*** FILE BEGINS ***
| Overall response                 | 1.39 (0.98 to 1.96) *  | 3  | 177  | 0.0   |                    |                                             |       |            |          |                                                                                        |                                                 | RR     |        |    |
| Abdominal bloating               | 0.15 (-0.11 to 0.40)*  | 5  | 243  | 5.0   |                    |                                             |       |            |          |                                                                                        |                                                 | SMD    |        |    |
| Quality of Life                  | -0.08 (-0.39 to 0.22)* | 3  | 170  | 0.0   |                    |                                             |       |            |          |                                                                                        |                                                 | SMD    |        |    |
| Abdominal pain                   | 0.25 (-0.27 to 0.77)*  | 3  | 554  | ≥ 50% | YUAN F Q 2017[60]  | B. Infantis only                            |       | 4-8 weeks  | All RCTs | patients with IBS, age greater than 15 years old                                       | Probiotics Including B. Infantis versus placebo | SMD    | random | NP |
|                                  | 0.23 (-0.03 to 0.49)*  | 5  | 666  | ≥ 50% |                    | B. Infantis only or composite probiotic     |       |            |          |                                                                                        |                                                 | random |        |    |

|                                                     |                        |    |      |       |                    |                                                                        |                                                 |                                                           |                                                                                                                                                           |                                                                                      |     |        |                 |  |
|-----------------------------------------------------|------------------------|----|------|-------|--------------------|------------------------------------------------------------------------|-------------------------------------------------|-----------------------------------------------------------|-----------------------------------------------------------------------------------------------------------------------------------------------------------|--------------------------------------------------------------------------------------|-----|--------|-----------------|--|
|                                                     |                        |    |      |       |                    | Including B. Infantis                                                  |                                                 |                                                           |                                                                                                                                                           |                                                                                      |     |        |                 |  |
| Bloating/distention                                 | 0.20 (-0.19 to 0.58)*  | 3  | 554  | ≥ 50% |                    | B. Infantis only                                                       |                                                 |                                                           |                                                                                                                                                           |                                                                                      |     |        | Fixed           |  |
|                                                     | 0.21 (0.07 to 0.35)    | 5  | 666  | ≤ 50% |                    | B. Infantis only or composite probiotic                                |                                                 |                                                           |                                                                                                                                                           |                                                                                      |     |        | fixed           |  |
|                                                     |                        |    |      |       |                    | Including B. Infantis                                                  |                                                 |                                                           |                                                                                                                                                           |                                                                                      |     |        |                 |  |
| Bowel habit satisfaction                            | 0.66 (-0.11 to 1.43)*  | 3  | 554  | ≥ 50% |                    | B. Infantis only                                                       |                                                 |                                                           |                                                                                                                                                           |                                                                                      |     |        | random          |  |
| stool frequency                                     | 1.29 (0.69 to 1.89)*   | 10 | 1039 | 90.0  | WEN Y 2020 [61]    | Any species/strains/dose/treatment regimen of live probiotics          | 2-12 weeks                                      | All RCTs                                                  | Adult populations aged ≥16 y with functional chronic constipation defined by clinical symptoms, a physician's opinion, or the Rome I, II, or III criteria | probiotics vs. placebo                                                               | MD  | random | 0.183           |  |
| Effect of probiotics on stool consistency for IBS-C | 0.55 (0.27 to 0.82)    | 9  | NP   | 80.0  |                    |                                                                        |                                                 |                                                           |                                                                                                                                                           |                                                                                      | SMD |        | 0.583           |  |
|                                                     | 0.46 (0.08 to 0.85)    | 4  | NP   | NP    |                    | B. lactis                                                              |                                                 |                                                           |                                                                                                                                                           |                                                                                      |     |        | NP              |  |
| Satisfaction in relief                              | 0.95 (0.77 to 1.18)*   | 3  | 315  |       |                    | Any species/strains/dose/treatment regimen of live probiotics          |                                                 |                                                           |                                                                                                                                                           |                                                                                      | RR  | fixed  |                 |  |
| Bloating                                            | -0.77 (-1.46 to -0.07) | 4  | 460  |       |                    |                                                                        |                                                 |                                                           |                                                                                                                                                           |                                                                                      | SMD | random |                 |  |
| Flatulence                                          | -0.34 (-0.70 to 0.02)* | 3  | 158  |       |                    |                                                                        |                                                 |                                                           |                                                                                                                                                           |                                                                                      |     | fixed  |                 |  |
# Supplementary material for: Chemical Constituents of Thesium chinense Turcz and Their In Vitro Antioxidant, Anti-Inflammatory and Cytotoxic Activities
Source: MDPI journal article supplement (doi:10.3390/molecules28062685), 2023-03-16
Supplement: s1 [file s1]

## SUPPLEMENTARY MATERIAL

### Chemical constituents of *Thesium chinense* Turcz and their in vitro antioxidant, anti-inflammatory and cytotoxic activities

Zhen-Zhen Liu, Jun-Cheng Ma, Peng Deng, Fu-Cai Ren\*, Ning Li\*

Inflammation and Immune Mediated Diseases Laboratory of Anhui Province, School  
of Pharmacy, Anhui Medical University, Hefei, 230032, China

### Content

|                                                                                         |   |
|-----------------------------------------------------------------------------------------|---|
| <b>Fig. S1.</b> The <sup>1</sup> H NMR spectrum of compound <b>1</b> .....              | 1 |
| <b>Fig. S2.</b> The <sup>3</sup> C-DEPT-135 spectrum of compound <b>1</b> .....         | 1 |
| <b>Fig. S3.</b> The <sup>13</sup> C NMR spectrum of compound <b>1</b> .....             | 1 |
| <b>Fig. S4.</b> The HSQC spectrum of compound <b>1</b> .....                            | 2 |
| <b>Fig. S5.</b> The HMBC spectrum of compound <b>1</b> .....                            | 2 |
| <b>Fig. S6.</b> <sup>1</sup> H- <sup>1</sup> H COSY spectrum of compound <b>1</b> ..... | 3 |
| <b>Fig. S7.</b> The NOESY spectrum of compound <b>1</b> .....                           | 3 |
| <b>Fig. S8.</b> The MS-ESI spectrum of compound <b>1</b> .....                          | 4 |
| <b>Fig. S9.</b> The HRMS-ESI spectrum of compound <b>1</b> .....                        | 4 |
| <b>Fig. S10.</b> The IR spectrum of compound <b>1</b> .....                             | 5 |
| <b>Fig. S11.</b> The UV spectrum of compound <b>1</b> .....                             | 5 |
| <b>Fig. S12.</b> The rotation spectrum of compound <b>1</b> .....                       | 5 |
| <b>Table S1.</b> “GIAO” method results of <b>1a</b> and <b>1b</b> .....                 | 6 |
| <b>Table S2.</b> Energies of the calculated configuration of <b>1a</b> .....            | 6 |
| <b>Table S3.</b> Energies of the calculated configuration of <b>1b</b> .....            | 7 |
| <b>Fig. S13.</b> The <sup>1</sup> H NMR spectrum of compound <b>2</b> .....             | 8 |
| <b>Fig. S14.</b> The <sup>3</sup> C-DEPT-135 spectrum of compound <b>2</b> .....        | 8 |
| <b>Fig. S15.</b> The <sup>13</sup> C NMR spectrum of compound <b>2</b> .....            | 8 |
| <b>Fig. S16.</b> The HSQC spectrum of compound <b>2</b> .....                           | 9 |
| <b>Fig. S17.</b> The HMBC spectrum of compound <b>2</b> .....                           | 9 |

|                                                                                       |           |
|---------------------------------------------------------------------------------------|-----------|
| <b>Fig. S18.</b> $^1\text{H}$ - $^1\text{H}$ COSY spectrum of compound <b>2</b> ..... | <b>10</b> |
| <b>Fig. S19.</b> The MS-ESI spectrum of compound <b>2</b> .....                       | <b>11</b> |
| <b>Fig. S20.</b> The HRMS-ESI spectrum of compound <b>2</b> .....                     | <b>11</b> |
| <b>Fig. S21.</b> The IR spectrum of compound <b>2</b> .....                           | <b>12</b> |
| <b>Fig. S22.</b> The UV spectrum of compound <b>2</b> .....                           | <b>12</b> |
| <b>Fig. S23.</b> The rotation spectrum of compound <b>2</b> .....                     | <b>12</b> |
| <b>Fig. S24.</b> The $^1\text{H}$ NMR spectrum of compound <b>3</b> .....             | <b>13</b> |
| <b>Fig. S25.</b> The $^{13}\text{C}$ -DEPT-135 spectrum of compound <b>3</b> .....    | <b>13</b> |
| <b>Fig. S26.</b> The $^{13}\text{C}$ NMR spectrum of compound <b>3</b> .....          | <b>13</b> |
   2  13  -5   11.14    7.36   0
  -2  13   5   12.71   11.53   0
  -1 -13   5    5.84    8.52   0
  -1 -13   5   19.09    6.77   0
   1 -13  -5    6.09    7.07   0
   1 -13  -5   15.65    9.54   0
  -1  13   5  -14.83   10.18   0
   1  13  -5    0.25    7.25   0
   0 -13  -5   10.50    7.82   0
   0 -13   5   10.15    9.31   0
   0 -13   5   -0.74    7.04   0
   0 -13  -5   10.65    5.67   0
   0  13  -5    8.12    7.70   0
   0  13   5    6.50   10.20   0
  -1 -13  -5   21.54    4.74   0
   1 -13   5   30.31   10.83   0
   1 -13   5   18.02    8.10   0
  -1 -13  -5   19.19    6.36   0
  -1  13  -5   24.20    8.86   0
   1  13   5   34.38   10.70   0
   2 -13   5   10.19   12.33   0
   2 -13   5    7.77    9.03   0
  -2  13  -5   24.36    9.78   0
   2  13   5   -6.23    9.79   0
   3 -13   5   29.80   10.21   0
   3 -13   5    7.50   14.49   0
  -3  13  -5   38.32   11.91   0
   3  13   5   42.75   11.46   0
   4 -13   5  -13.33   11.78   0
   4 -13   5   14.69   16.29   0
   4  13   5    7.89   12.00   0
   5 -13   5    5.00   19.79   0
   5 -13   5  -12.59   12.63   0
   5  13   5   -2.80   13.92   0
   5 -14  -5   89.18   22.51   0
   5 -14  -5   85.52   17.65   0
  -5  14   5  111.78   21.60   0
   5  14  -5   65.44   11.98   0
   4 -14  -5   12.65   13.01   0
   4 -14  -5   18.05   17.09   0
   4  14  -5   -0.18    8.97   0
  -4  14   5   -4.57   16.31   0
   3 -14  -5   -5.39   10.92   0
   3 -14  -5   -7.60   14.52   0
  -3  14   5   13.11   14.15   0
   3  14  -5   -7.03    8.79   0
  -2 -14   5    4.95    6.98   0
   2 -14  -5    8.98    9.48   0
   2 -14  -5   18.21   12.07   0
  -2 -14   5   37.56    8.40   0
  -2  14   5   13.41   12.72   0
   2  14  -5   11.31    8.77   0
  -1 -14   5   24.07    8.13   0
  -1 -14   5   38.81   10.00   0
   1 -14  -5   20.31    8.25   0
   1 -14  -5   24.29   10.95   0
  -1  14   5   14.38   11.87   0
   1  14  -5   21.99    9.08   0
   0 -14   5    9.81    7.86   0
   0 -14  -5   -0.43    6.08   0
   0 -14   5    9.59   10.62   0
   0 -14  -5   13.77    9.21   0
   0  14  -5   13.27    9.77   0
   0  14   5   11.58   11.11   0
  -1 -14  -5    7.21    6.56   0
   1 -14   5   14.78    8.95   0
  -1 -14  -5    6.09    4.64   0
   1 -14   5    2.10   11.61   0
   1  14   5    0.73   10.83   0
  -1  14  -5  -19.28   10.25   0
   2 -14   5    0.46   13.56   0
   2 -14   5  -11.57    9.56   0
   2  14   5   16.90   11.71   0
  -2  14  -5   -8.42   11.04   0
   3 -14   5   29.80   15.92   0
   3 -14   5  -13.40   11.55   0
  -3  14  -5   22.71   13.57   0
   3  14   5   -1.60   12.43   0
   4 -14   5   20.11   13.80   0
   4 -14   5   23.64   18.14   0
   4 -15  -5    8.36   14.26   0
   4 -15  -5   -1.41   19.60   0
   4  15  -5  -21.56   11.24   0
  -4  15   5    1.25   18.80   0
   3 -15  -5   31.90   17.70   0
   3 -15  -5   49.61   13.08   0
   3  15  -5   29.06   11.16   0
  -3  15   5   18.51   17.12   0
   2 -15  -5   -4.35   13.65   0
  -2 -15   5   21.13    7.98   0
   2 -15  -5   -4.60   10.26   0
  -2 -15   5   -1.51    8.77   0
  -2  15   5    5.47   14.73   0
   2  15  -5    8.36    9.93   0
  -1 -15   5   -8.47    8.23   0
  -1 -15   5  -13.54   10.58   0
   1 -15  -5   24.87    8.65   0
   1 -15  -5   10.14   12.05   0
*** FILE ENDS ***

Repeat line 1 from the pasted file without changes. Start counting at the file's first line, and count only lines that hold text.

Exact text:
| Overall response                 | 1.39 (0.98 to 1.96) *  | 3  | 177  | 0.0   |                    |                                             |       |            |          |                                                                                        |                                                 | RR     |        |    |